The Massachusetts Supreme Court decision to allow gay marriages and the political climate around gay and lesbian issues in Oregon were the topics considered at the “Politicizing Queer Issues” panel discussion held in the Smith Memorial Student Union browsing lounge Tuesday evening.
The panel consisted of representatives from Oregon Statewide Students Equal Rights Alliance (OSSERA), Lesbian Community Project, Love Makes a Family, Queers and Allies; and Sam Adams, an openly gay candidate for Portland City Council.
The biggest issue of the night was the Massachusetts court decision, which panel members called “incredible.” They discussed the possibility of other states following Massachusetts’ lead.
Roger Wert, a member of Queers and Allies, a student-run support and social group for gay, lesbian, bisexual and transgender students, argued that the government should not offer marriages at all, but instead civil unions to both gay and straight couples, because “the government should not have its fingers in a religious institution.”
Adams expressed a similar view. “Everyone should have the right to civil marriages, and the government shouldn’t have a role in religious marriages,” he said.
Adams also voiced concern that there may be political “backlash” to the Massachusetts decision, and conservative groups may push for “defense of marriage” laws.
While there may be some backlash, Adams also seemed to believe that people will be accepting of the court’s decision, citing the lack opposition to similar rulings in other places.
“The sky didn’t fall on Canada after they made the decision,” he said.
The panel also discussed the gay and lesbian issues in Oregon politics.
Adams pointed out that while Portland has protections against discrimination on the basis of sexual orientation, much of the rest of the state does not.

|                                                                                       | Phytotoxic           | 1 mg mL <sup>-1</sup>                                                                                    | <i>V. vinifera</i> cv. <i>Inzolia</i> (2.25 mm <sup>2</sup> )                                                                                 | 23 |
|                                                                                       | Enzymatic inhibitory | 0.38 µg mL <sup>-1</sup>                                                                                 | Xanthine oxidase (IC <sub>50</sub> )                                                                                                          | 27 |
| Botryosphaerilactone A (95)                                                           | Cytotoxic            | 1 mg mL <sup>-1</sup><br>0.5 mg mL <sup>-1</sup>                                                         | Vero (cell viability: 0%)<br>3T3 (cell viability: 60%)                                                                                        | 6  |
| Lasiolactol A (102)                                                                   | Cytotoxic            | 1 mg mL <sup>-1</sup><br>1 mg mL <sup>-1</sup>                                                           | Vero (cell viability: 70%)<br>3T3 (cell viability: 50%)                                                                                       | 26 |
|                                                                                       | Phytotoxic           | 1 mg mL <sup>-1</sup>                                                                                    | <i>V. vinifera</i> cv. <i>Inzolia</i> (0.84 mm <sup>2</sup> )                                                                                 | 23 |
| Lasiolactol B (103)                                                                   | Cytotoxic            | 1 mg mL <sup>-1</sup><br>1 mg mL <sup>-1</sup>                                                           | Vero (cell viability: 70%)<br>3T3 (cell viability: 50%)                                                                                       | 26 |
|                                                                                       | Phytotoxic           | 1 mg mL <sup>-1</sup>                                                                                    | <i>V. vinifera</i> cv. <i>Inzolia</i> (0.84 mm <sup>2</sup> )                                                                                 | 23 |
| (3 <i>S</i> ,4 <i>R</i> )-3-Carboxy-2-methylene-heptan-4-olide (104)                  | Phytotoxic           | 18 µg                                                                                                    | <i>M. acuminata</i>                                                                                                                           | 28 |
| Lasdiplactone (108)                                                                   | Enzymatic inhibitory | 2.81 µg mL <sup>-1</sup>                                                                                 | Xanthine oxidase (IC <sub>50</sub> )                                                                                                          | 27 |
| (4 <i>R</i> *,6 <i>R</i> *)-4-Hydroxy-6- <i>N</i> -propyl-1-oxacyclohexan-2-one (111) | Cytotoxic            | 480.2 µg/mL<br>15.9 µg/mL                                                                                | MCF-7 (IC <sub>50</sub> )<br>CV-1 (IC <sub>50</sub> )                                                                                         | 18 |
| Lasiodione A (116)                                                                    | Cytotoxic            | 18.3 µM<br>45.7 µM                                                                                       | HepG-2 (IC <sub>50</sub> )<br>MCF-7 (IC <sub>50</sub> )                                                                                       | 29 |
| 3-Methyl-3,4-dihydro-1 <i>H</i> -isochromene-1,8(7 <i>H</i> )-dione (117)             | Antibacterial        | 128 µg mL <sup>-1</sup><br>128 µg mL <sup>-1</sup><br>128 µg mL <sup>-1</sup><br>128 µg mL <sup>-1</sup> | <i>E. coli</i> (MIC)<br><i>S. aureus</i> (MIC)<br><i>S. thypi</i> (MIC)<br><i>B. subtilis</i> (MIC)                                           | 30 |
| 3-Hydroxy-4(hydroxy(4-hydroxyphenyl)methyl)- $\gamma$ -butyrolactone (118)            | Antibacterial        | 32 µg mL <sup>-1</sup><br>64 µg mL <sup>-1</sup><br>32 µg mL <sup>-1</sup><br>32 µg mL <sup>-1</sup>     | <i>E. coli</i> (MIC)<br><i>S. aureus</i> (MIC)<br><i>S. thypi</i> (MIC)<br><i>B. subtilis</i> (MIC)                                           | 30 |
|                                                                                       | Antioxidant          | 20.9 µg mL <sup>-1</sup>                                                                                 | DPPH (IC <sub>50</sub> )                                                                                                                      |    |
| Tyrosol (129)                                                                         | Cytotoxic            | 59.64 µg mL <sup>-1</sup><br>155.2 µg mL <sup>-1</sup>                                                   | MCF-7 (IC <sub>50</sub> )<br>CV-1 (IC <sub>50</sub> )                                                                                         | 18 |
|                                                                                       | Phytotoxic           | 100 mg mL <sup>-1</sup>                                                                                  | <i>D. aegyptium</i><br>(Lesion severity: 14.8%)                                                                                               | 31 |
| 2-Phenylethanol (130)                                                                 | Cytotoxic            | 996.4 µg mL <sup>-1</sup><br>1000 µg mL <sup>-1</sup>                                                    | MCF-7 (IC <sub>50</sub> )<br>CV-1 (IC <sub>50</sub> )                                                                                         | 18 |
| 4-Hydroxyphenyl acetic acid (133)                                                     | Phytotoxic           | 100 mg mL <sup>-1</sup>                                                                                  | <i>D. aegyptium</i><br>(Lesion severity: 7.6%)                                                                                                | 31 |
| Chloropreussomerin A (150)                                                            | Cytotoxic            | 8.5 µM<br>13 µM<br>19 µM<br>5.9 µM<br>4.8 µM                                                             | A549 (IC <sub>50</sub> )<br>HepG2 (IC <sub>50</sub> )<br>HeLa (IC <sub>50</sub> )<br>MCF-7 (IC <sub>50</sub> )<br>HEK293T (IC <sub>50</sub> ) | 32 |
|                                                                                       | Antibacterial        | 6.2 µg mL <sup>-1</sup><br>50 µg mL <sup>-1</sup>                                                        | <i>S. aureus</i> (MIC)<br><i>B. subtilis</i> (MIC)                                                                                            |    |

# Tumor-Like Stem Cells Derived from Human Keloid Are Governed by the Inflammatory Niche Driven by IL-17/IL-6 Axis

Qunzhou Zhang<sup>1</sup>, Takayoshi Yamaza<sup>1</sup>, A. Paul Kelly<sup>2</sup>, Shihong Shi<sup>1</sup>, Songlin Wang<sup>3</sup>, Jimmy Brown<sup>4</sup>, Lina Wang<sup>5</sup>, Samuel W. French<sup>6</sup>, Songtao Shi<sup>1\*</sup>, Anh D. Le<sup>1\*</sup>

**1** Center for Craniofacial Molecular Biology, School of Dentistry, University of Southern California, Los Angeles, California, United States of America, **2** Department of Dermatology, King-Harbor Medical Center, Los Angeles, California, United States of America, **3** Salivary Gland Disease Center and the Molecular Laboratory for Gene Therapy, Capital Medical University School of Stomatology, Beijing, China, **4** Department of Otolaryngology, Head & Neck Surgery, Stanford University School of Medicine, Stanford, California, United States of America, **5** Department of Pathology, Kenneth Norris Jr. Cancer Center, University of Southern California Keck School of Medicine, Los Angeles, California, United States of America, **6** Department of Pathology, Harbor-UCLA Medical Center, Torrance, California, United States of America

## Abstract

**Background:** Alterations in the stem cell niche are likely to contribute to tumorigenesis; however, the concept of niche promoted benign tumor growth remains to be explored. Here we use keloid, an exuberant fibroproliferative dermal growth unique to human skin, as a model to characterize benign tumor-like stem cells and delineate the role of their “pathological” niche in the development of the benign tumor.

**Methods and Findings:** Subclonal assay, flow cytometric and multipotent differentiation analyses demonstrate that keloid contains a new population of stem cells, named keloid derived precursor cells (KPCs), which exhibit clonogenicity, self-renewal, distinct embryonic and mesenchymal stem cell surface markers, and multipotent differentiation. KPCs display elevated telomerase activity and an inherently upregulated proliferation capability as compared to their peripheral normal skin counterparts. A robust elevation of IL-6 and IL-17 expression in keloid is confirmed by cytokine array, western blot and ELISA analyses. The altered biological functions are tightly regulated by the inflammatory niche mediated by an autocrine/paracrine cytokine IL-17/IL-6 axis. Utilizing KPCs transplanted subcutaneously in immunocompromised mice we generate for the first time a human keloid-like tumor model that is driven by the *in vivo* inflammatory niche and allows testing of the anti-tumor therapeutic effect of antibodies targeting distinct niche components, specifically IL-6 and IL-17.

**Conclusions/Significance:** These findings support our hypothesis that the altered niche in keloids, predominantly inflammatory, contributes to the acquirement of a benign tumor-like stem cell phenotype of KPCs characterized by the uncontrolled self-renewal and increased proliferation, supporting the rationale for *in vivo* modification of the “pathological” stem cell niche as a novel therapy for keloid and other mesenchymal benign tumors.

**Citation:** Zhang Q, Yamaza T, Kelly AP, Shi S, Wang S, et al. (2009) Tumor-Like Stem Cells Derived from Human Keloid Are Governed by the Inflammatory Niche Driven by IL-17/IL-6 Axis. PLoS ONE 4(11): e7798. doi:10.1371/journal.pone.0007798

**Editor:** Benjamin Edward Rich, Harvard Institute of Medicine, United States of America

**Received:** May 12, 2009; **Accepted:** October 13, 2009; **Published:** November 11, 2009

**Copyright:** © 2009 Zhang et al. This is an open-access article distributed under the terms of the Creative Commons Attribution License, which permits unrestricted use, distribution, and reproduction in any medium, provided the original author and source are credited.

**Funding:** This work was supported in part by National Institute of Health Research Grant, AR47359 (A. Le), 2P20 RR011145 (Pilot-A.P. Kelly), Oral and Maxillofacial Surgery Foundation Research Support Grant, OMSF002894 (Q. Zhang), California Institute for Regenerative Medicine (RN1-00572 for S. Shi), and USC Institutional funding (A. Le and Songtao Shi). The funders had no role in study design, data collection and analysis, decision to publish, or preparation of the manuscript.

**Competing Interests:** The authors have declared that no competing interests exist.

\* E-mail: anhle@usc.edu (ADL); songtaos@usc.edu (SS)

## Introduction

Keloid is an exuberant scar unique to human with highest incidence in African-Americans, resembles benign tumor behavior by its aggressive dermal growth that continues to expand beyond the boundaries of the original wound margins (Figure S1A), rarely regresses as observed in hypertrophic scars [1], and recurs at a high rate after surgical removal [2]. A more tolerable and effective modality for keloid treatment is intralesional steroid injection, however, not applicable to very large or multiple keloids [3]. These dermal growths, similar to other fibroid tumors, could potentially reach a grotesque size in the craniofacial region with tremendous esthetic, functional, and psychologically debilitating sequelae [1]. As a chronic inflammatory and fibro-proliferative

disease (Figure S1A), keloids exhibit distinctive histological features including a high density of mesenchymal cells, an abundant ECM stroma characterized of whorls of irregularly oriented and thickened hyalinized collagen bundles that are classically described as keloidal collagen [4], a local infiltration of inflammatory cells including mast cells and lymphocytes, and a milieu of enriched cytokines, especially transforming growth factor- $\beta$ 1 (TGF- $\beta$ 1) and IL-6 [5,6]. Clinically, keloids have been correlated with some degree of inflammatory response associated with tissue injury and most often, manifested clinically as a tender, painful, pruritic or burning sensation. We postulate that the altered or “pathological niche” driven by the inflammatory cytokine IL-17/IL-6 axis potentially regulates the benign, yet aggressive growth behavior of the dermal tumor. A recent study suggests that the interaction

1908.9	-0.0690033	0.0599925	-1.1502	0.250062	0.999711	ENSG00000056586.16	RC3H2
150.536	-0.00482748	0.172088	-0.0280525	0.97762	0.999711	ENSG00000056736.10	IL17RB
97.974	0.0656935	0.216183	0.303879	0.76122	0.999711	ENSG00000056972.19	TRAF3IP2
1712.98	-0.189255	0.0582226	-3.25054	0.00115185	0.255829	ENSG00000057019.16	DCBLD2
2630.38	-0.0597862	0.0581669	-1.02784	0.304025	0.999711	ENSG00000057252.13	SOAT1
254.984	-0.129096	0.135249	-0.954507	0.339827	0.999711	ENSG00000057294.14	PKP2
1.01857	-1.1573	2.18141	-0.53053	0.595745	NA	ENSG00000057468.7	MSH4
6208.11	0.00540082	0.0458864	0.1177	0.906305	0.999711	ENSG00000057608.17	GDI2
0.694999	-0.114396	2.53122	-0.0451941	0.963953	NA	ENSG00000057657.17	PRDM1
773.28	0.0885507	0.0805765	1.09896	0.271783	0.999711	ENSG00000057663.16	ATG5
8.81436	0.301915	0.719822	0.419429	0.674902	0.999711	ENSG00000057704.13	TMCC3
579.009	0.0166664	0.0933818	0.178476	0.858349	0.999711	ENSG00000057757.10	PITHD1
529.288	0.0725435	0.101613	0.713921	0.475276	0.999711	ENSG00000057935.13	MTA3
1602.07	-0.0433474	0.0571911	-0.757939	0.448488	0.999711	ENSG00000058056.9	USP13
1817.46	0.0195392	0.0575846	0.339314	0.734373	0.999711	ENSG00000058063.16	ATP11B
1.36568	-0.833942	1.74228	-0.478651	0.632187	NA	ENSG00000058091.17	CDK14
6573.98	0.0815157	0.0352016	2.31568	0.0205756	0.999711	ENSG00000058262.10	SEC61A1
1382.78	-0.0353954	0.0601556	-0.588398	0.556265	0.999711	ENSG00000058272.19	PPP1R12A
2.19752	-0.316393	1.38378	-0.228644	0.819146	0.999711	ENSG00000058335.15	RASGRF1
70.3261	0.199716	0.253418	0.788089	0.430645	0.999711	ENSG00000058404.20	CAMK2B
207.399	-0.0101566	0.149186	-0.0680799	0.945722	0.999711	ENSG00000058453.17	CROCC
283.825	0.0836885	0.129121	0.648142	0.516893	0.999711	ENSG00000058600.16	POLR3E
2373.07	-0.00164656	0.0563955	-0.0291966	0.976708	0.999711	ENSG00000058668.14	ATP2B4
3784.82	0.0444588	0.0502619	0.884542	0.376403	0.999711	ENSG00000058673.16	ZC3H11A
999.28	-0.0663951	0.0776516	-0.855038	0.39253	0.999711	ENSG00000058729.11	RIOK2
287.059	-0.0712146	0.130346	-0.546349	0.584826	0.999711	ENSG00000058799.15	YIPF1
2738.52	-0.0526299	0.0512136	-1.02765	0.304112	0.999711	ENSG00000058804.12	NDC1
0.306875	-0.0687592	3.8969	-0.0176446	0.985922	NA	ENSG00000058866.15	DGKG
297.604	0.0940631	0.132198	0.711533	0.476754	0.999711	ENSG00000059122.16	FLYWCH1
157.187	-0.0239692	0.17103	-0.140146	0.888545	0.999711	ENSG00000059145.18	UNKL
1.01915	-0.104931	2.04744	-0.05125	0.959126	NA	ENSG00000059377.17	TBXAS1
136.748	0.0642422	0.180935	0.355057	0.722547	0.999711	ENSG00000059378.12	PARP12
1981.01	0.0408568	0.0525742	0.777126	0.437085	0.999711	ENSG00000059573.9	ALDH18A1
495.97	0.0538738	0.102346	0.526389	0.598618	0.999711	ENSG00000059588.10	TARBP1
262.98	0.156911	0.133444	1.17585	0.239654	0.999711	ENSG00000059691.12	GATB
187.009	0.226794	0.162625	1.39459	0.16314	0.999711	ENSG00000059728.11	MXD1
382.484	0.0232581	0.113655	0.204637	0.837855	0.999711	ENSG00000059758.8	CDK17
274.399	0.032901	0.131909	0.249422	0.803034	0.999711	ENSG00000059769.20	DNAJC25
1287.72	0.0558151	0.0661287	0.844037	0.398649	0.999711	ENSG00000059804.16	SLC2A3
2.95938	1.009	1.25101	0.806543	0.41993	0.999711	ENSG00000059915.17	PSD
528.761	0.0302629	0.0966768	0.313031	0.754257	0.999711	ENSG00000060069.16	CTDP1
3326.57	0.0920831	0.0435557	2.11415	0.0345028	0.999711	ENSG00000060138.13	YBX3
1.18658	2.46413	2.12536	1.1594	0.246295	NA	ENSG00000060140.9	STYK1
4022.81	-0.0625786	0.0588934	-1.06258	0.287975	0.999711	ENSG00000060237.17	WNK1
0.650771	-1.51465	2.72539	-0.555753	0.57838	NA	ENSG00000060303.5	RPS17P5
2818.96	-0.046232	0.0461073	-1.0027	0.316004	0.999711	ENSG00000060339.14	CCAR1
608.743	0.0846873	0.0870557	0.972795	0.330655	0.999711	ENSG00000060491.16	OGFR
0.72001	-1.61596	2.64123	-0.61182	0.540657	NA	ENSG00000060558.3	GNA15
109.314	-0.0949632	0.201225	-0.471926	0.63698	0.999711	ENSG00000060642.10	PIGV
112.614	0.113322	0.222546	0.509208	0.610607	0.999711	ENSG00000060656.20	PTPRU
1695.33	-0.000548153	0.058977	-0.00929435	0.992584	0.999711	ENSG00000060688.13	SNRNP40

“You could be fired just for looking gay, or you could be kicked out of your house for looking straight,” Adams said.
Wert expressed concerns that in some rural areas, such as Grant’s Pass, much of the opposition to queer movements may be due to having a lack of background in queer issues.
“Politics are local, and we really need to embrace that as far as getting something through the state Legislature,” Adams added.
The panel members also gave brief explanations of their organizations’ goals and programs.
Erin Devany and Mary Fletcher of OSSERA explained their group’s goal to start a lesbian, bisexual, gay, transgender and questioning resource center on campus, where students could find a safe place and support.
Amber Hicks discussed Love Makes a Family’s support services for families headed by gay or lesbian parents, and also the group’s workshops that focus on gay and lesbian issues for middle school students to help prevent bullying in schools.
Jamie Bolyard, director of the Lesbian Community Project, explained how her organization serves as a resource to lesbian women, offering support groups, Spanish and sign language classes, and supporting other groups’ political activities.